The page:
- Written by Attorney Seunghee Cha, Bulkley, Richardson and Gelinas, LLP, Amherst, MA, 413-256-0002
- Published: 06 December 2018
With the graying of baby boomers, and an estimated one out of eight expected to develop Alzheimer’s disease, the cost of medical expenses, including long-term care, has become an essential aspect of preparing for aging.
Health Savings Accounts
An emerging strategy is the Health Savings Account (HSA), a medical savings account designed to defray the cost of medical expenses not covered by insurance. It was established as part of the Medicare Prescription Drug, Improvement, and Modernization Act and signed into law in December 2003.
To be eligible to contribute to an HSA, you must be enrolled in a High Deductible Health Plan (HDHP). Once you turn age 65 and enroll in Medicare, you are ineligible to contribute. Contribution limits in 2019 are $3,500 for single coverage and $7,000 for family coverage, with an additional $1,000 catch-up contribution for people age 55 and older.
HSAs offer significant tax advantages:
- Funds contributed by an employer’s payroll deposit are pre-tax contributions and not subject to federal income tax (some employers also contribute to their employees’ HSAs).
- In most states, including Massachusetts, your contributions to an HSA are excluded from your gross income.
- You can invest the money in your HSA, which grows tax-free, and use it for qualified medical expenses for you, your spouse, and qualifying dependents.
- Withdrawals for qualified medical expenses are tax-free; withdrawals for unqualified expenses are subject to income tax—if you are under age 65, a 20% penalty applies also.
- Starting at age 65 you can withdraw funds for non-medical expenses tax-free and without penalty.
- Funds in an HSA can be used to purchase long-term care insurance (limits apply and increase with age), which is important for taxpayers who cannot itemize deductions—premiums for long-term care insurance paid with non-HSA funds are deductible but only for taxpayers who take itemized deductions.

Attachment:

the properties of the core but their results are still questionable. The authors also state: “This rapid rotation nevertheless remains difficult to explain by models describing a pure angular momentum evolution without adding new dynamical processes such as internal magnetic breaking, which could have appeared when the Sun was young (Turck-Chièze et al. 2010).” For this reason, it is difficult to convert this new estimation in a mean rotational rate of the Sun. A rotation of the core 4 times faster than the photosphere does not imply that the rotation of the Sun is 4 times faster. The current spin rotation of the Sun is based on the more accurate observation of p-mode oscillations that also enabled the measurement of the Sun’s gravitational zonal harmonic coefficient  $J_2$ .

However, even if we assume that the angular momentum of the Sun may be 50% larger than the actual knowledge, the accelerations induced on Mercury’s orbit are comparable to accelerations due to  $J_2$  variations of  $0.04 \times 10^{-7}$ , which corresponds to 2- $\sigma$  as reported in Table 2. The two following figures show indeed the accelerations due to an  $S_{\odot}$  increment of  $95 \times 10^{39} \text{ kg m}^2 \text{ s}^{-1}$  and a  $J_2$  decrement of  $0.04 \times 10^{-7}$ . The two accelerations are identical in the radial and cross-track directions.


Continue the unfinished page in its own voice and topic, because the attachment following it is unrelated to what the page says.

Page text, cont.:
- At your death if you name your spouse as beneficiary, the HSA can continue in their own name even if your spouse is not enrolled in a HDHP; alternatively, your spouse can take the remaining funds in a lump sum tax-free (non-spouse beneficiaries cannot continue the HSA in their own name and are taxed on the entire remainder account in the year of your death).
The tax-free advantages, with the enhanced benefits for people age 65 and older, make the HSA a more attractive investment vehicle than a taxable account like a 401(k) for savers who can maximize contributions and invest in long-term investments. HSAs incentivize saving for future medical expenses and can make long-term care insurance more affordable. If you are eligible to contribute to an HSA, start early, and it should be an integral part of a comprehensive plan for retirement and aging well.
The views expressed in this column represent general information. To address your particular and specific needs consult your own attorney. If you need help with referral to an attorney, contact the Franklin County Bar Association at (413) 773-9839 or the Worcester County Bar Association at (978) 752-1311. Elder law resources may be found through the National Academy of Elder Law Attorneys, Massachusetts Chapter, at massnaela.com or 617-566-5640.
Community Legal Aid (CLA) provides legal services free to people age 60 and older for civil legal matters with an emphasis on access to health care coverage (MassHealth and Medicare) and public benefits as well as tenants’ rights. A request for legal assistance can be made by phone at 413-774-3747 or toll-free 1-855-252-5342 during their intake hours (Monday, Tuesday, Thursday, and Friday from 9:30 a.m. to 12:15 p.m. and Wednesday from 1:30 p.m. to 4:15 p.m.) or any time online by visiting www.communitylegal.org.